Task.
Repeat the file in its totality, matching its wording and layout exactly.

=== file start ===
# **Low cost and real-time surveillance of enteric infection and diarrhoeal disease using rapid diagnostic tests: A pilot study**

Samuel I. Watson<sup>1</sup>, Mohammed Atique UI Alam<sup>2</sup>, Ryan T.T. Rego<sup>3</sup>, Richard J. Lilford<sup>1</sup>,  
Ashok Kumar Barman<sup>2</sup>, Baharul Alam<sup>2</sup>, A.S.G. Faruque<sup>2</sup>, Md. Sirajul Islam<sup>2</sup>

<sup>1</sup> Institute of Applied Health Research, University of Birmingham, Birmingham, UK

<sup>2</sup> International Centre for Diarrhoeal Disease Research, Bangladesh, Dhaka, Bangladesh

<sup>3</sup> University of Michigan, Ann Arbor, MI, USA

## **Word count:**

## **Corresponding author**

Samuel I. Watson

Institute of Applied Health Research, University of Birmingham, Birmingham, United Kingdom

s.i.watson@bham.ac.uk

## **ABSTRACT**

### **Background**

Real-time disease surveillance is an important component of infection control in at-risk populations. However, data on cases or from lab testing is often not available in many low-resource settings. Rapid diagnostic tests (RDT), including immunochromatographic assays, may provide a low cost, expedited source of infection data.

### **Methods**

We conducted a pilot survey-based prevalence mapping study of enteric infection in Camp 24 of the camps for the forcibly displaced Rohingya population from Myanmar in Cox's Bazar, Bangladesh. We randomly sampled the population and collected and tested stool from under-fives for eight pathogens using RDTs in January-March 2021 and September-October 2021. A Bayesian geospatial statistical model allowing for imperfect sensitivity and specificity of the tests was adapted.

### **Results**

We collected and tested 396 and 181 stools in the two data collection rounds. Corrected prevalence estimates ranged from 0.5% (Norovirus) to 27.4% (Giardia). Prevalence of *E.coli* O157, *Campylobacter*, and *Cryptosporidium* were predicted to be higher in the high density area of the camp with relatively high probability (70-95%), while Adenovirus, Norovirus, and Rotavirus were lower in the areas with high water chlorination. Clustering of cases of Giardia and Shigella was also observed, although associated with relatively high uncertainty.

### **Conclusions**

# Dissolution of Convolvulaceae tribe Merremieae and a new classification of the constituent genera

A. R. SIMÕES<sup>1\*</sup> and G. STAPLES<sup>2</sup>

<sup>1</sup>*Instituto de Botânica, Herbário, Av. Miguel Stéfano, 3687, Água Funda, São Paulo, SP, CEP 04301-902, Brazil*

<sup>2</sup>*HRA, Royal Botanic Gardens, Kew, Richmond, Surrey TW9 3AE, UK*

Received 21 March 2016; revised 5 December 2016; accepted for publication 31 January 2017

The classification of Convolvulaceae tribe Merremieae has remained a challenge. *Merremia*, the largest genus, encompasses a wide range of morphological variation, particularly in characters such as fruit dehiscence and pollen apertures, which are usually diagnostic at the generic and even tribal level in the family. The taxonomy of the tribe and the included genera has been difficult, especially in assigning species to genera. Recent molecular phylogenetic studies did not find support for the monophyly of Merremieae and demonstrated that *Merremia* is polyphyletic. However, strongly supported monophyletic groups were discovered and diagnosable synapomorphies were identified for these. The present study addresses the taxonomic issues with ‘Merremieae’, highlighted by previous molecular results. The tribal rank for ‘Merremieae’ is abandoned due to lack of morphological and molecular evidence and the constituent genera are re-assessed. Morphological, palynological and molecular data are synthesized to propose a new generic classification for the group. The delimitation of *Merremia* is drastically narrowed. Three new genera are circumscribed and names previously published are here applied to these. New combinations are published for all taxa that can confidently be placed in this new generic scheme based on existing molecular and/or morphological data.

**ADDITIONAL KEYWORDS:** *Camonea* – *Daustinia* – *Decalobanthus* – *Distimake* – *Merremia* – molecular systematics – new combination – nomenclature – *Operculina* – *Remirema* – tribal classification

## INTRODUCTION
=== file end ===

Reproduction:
# **Low cost and real-time surveillance of enteric infection and diarrhoeal disease using rapid diagnostic tests: A pilot study**

Samuel I. Watson<sup>1</sup>, Mohammed Atique UI Alam<sup>2</sup>, Ryan T.T. Rego<sup>3</sup>, Richard J. Lilford<sup>1</sup>,  
Ashok Kumar Barman<sup>2</sup>, Baharul Alam<sup>2</sup>, A.S.G. Faruque<sup>2</sup>, Md. Sirajul Islam<sup>2</sup>

<sup>1</sup> Institute of Applied Health Research, University of Birmingham, Birmingham, UK

<sup>2</sup> International Centre for Diarrhoeal Disease Research, Bangladesh, Dhaka, Bangladesh

<sup>3</sup> University of Michigan, Ann Arbor, MI, USA

## **Word count:**

## **Corresponding author**

Samuel I. Watson

Institute of Applied Health Research, University of Birmingham, Birmingham, United Kingdom

s.i.watson@bham.ac.uk

## **ABSTRACT**

### **Background**

Real-time disease surveillance is an important component of infection control in at-risk populations. However, data on cases or from lab testing is often not available in many low-resource settings. Rapid diagnostic tests (RDT), including immunochromatographic assays, may provide a low cost, expedited source of infection data.

### **Methods**

We conducted a pilot survey-based prevalence mapping study of enteric infection in Camp 24 of the camps for the forcibly displaced Rohingya population from Myanmar in Cox's Bazar, Bangladesh. We randomly sampled the population and collected and tested stool from under-fives for eight pathogens using RDTs in January-March 2021 and September-October 2021. A Bayesian geospatial statistical model allowing for imperfect sensitivity and specificity of the tests was adapted.

### **Results**

We collected and tested 396 and 181 stools in the two data collection rounds. Corrected prevalence estimates ranged from 0.5% (Norovirus) to 27.4% (Giardia). Prevalence of *E.coli* O157, *Campylobacter*, and *Cryptosporidium* were predicted to be higher in the high density area of the camp with relatively high probability (70-95%), while Adenovirus, Norovirus, and Rotavirus were lower in the areas with high water chlorination. Clustering of cases of Giardia and Shigella was also observed, although associated with relatively high uncertainty.

### **Conclusions**

# Dissolution of Convolvulaceae tribe Merremieae and a new classification of the constituent genera

A. R. SIMÕES<sup>1\*</sup> and G. STAPLES<sup>2</sup>

<sup>1</sup>*Instituto de Botânica, Herbário, Av. Miguel Stéfano, 3687, Água Funda, São Paulo, SP, CEP 04301-902, Brazil*

<sup>2</sup>*HRA, Royal Botanic Gardens, Kew, Richmond, Surrey TW9 3AE, UK*

Received 21 March 2016; revised 5 December 2016; accepted for publication 31 January 2017

The classification of Convolvulaceae tribe Merremieae has remained a challenge. *Merremia*, the largest genus, encompasses a wide range of morphological variation, particularly in characters such as fruit dehiscence and pollen apertures, which are usually diagnostic at the generic and even tribal level in the family. The taxonomy of the tribe and the included genera has been difficult, especially in assigning species to genera. Recent molecular phylogenetic studies did not find support for the monophyly of Merremieae and demonstrated that *Merremia* is polyphyletic. However, strongly supported monophyletic groups were discovered and diagnosable synapomorphies were identified for these. The present study addresses the taxonomic issues with ‘Merremieae’, highlighted by previous molecular results. The tribal rank for ‘Merremieae’ is abandoned due to lack of morphological and molecular evidence and the constituent genera are re-assessed. Morphological, palynological and molecular data are synthesized to propose a new generic classification for the group. The delimitation of *Merremia* is drastically narrowed. Three new genera are circumscribed and names previously published are here applied to these. New combinations are published for all taxa that can confidently be placed in this new generic scheme based on existing molecular and/or morphological data.

**ADDITIONAL KEYWORDS:** *Camonea* – *Daustinia* – *Decalobanthus* – *Distimake* – *Merremia* – molecular systematics – new combination – nomenclature – *Operculina* – *Remirema* – tribal classification

## INTRODUCTION